And now the feast can begin. Wild boar, badgers, mice, jays and other animals adore chestnuts and now they eat and eat and eat until they just can't anymore. They cannot eat everything, the tree has let loose all its fruits at once en there is too much food. So the tree can be sure at last some chestnuts remain un-eaten and can germinate.






Here, a mouse had its dinner, and a little slug takes care of the leftovers.



October 24, 2018

True Service Tree



A walking path is already covered in fallen leaves; amongst them some strange fruits like little apples with a dull skin. You can try to eat them, but you get a strange feeling on your tongue. They are edible, the fruits of the True Service Tree (Sorbus domestica), but you have to wait until they begin to rot and the adstringent taste disappears. Like them or not, at least they are sweet.






When you look upwards in the spot you see pinnate leaves on rather thin branches where the fruits come from. They are no longer there, they have fallen already. The leaves are beginning to turn.






From green to yellow to brown. In the picture below, it is already November.






The True Service Tree is a tree, often small, and it can be a bit lost between the Oaks, Hornbeams, Maples, Sweet Chestnuts and other trees from the Perigordine woods. They are not uncommon bit normally you find only a few trees here and there between the other species; a True Service Tree forest does not exist.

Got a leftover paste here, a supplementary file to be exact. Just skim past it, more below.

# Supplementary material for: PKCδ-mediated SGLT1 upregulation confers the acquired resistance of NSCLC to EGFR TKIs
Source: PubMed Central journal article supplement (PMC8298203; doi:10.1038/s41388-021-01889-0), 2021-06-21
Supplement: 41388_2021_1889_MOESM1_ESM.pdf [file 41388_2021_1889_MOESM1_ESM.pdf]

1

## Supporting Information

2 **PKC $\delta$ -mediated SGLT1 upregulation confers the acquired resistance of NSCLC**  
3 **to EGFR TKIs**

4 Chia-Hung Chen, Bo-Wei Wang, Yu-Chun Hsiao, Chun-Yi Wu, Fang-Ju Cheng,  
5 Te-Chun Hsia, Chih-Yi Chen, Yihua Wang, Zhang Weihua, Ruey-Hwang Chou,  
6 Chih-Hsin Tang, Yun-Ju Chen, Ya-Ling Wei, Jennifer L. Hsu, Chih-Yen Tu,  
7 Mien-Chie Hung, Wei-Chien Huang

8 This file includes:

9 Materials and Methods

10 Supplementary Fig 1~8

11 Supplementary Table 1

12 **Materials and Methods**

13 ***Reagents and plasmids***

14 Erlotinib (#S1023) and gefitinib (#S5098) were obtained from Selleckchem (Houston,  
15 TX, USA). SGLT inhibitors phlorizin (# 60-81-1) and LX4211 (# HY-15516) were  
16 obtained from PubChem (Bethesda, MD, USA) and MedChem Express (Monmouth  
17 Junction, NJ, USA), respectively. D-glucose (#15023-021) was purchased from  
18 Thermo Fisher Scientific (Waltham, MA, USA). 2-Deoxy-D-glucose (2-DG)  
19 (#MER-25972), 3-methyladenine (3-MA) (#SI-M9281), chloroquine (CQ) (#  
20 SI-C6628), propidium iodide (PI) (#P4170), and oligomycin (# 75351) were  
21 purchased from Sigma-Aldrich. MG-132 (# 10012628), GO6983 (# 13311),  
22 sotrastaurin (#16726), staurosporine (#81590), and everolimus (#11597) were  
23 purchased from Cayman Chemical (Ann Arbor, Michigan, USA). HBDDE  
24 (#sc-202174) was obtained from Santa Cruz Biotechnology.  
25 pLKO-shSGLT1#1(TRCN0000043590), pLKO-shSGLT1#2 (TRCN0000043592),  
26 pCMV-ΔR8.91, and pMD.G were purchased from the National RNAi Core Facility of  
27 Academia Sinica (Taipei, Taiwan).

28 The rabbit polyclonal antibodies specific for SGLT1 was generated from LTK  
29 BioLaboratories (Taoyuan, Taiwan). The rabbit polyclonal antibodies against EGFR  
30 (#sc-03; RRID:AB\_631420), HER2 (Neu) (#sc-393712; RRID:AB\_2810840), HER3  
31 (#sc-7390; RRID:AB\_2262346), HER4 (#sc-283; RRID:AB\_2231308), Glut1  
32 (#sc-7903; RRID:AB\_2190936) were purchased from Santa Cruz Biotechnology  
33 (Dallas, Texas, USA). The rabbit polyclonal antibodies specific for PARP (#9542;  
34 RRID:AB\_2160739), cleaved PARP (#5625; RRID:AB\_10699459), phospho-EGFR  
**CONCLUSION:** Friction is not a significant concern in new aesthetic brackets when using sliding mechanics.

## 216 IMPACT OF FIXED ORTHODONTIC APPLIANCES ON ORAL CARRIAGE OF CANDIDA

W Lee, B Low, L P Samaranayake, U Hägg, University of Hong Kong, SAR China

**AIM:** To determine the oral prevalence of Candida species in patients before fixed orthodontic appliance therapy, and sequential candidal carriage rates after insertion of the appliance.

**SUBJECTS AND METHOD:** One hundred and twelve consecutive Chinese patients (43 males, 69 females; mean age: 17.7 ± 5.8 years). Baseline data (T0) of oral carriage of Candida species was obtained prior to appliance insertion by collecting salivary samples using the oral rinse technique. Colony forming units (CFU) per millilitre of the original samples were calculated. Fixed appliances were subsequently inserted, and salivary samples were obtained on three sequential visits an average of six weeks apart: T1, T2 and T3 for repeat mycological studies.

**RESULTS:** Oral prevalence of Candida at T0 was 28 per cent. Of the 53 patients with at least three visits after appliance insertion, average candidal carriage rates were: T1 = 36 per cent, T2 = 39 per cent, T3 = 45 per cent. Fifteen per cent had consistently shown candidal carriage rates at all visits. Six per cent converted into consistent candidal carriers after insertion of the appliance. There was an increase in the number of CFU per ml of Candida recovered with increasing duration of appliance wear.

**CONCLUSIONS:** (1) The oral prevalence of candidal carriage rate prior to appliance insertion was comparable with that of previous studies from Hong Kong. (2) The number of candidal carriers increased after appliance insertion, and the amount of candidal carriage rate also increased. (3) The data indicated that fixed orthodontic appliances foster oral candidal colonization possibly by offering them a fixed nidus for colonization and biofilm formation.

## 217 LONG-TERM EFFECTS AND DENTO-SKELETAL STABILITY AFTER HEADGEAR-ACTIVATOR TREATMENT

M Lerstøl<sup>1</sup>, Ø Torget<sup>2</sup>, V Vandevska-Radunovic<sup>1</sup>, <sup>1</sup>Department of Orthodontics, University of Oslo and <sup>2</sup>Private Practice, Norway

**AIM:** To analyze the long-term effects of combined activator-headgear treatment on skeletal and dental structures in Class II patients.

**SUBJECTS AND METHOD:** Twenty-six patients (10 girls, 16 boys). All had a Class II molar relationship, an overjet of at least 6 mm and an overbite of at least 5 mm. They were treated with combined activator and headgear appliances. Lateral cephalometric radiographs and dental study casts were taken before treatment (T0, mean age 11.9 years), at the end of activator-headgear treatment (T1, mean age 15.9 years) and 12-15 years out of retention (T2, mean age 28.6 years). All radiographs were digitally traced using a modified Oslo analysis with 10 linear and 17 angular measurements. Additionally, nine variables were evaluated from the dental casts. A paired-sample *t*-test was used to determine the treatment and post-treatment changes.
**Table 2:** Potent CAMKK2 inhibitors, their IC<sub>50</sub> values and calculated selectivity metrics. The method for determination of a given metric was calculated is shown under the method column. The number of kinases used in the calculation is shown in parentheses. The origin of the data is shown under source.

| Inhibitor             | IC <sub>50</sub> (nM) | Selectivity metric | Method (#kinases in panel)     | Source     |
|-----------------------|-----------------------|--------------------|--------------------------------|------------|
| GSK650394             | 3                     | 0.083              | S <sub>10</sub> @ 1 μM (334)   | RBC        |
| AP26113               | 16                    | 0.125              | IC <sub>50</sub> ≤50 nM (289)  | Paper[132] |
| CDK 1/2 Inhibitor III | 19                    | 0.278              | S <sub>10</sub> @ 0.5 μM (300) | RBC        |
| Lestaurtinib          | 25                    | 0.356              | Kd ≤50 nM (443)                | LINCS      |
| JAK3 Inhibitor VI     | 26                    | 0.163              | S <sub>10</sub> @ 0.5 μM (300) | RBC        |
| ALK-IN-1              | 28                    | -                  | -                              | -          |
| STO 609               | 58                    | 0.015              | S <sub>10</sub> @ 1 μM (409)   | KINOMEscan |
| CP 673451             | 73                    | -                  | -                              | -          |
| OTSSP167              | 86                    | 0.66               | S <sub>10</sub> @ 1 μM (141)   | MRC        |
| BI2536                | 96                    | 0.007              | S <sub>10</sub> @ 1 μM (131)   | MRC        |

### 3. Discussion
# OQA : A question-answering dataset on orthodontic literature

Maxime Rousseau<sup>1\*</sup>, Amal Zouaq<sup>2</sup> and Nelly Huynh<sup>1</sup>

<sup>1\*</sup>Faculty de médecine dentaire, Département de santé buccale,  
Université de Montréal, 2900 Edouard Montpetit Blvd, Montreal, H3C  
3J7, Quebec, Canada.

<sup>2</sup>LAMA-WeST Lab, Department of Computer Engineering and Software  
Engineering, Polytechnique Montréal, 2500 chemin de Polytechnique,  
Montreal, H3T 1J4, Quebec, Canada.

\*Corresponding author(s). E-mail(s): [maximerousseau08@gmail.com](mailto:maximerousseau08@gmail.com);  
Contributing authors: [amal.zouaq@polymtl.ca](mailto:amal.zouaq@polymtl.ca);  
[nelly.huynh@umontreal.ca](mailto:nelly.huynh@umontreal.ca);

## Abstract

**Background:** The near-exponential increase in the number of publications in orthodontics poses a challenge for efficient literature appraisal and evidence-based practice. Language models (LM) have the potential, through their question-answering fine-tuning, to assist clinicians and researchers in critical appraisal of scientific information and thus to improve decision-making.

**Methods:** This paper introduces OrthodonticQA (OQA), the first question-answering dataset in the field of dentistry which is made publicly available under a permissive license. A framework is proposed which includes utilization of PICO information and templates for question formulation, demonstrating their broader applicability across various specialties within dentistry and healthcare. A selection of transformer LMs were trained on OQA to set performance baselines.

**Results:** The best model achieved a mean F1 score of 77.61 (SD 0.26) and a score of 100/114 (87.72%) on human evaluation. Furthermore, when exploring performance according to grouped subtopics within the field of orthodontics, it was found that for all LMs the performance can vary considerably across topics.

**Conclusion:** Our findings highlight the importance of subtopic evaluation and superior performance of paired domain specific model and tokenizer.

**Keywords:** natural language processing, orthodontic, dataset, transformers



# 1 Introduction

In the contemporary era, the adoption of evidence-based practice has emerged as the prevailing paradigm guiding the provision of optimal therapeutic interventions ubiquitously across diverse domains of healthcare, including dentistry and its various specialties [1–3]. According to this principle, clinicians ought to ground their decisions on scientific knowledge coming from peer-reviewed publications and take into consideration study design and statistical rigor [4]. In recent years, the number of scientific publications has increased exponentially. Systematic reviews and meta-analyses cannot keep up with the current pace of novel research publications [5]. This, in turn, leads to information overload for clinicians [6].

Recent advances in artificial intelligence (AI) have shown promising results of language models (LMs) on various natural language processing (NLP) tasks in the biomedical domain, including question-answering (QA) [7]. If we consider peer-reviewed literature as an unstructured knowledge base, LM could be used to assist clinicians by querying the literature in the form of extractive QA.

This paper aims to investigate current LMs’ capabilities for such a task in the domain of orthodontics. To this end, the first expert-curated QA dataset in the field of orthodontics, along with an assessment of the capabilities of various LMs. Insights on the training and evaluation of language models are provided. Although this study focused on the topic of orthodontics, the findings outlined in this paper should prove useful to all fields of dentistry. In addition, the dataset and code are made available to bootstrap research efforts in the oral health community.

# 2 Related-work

The bark is smooth on young trees, but when it grows older it becomes fissured.






This was summer...

September 30, 2018

Marsh Scullcap


This little plant grows in places where the soil is wet and disturbed by let's say tractors or wild boar. It is rather common and flowers at the end of summer, sometimes in large amounts. It even grows in corn fields, if there has been enough rain.

Apparently it can grow even when herbicides applied in spring have done their work.






Marsh Scullcap (Scutellaria galericulata) is an at first sight rather inconspicuous member of the Mint (Lamiaceae) family. It is not even aromatic, like most other Mints.







Flowers always appear two by two. In the picture the 'scullcap' is clearly visible; a kind of helmet-like protrusion on the calyx. What function does it have? No idea.






Here a well-developed plant, new square branches are developing above the leaves of the main stem. And how pretty are the flowers!



September 17, 2018

Guelder Rose



It is berry season, and this year there is a lot to eat for the birds.





As, for an exemple, the fruits of the Guelder Rose (Viburnum opulus). Its boughs bend over under their weight. The berries come in bunches and they are round, shiny, slightly transparent drupes.






A ray of sunshine embellishes them still more. The leaves, lobed like Maple leaves, already begin to change into autumn colour.






The flowers also are not to be overlooked. They appear in May. The small flowers in the centre of the corymb are fertile, the larger ones on the outside are not. They make the flowering more visible to insects.






Guelder Rose is a bush that grows on humid soils. Here they screen a small stream from our view.